I often teach and coach speakers on the unique aspects of presenting via web conference. There is a lot to think about, from consciously considering the needs and reactions of an unseen audience, to best use of web conferencing features, to proper speech patterns and vocal delivery tips.
When I add in tips and considerations for appearing on camera, the completely unnatural things to practice in order to appear natural seem overwhelming. Proper lighting, proper background, proper eye contact, facial expressions, clothing choices, staying in frame, staying in focus, what to do with your hands… All of these make conscious and subconscious impacts on your audience.
We have become a society used to polished and professional appearance on camera by trained performers who make it look easy. We see talk show hosts, sportscasters, news reporters, and other on-air personalities who set our expectations for how a presenter should appear. It seems effortless and natural, because we never see them until they have been highly trained, supported by top professionals working with proper equipment behind the scenes, and they have years of experience under their belts. How do you think you compare to that kind of level setting?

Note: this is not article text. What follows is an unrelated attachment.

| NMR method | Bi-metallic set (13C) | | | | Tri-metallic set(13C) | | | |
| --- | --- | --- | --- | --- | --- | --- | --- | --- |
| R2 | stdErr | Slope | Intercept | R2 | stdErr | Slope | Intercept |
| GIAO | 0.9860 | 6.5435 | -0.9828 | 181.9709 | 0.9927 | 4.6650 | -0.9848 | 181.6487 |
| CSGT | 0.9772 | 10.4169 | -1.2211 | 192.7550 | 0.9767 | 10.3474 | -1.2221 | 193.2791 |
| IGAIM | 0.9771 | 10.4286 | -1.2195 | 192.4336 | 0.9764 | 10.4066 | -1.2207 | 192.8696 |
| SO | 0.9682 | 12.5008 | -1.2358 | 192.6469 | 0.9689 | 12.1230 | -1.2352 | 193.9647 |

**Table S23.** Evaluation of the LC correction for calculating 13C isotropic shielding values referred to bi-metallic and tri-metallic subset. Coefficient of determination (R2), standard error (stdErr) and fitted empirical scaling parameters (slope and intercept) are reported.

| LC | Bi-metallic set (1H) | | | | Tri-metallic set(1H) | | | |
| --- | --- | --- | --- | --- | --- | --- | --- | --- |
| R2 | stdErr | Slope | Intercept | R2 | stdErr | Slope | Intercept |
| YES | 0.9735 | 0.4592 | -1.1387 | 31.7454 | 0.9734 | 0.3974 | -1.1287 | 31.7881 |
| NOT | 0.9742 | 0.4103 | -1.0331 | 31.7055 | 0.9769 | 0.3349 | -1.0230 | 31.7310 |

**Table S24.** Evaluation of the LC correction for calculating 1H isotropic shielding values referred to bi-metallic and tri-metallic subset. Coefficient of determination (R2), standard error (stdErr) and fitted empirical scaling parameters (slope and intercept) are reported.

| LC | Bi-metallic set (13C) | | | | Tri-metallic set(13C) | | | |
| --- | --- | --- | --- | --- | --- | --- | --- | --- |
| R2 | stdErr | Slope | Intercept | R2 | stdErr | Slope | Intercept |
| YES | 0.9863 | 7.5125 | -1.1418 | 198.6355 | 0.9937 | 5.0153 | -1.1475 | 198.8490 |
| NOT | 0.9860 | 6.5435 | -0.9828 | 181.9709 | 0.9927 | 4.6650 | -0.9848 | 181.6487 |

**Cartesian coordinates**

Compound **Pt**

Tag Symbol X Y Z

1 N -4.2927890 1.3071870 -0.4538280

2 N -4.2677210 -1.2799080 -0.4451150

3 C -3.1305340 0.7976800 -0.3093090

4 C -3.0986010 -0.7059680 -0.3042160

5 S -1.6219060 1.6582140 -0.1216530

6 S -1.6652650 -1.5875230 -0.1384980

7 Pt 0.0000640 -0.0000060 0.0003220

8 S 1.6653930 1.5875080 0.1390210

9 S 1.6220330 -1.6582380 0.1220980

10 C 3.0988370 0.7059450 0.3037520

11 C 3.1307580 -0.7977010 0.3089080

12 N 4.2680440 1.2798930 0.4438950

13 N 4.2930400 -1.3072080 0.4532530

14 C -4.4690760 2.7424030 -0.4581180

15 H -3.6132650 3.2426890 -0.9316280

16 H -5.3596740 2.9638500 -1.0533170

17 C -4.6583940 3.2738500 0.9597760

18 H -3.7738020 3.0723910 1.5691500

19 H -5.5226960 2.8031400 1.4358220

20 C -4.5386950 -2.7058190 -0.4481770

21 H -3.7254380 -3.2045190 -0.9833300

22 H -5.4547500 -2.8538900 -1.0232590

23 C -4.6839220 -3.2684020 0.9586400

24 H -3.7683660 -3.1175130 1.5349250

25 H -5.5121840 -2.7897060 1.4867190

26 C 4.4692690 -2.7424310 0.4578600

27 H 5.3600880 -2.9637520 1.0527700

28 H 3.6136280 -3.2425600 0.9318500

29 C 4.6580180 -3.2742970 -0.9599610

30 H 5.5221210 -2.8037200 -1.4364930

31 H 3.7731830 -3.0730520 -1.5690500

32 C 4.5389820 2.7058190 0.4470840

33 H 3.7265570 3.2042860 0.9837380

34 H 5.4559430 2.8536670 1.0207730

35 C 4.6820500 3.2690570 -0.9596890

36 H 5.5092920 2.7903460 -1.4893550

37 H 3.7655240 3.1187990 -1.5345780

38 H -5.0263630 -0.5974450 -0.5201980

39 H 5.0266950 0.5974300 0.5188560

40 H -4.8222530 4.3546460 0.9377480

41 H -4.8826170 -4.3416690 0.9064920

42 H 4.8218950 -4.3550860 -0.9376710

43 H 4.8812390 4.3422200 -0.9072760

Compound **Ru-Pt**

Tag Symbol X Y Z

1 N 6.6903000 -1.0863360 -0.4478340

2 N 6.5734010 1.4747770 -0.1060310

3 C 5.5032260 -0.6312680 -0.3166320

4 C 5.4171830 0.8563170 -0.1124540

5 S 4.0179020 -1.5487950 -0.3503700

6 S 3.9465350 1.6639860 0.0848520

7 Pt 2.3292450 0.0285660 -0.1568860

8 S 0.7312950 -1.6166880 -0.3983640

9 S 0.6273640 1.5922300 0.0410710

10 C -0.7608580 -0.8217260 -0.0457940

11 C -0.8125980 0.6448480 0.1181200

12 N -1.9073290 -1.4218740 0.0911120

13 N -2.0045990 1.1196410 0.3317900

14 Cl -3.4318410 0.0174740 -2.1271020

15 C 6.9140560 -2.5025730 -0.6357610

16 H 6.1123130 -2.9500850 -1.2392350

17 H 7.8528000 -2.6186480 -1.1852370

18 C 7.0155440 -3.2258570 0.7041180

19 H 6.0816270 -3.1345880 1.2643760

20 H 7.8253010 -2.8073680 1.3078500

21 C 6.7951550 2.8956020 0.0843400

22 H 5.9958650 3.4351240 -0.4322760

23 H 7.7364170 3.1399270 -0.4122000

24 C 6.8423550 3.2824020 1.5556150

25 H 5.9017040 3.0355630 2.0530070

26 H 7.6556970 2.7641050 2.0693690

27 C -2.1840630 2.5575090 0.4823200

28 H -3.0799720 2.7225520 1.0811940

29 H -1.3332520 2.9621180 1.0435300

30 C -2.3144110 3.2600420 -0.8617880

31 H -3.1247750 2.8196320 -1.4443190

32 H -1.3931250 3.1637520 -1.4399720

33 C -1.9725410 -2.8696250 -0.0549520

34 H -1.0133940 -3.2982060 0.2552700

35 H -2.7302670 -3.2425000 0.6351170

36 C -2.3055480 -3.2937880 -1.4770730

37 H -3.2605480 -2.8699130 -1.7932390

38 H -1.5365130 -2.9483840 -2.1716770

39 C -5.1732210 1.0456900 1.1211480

I’ll tell you how you compare… Your webcam field of focus is ridiculously narrow. Your lighting is probably awful. Staying in frame and in focus on a fixed camera makes you look stiff and unnatural. The background behind you includes distractions for your audience. You make gestures that disappear out of frame. Your clothes fade into the background, make your skin appear washed out, or create wavy moiré lines. You blink too often or not enough. Your sound is distant and echoing, or is out of synch with your image. You appear shifty-eyed or fixated like a deer in the headlights. Are you doing yourself or your business any good with all that negative psychological baggage?
What are the exceptions to my general case answers?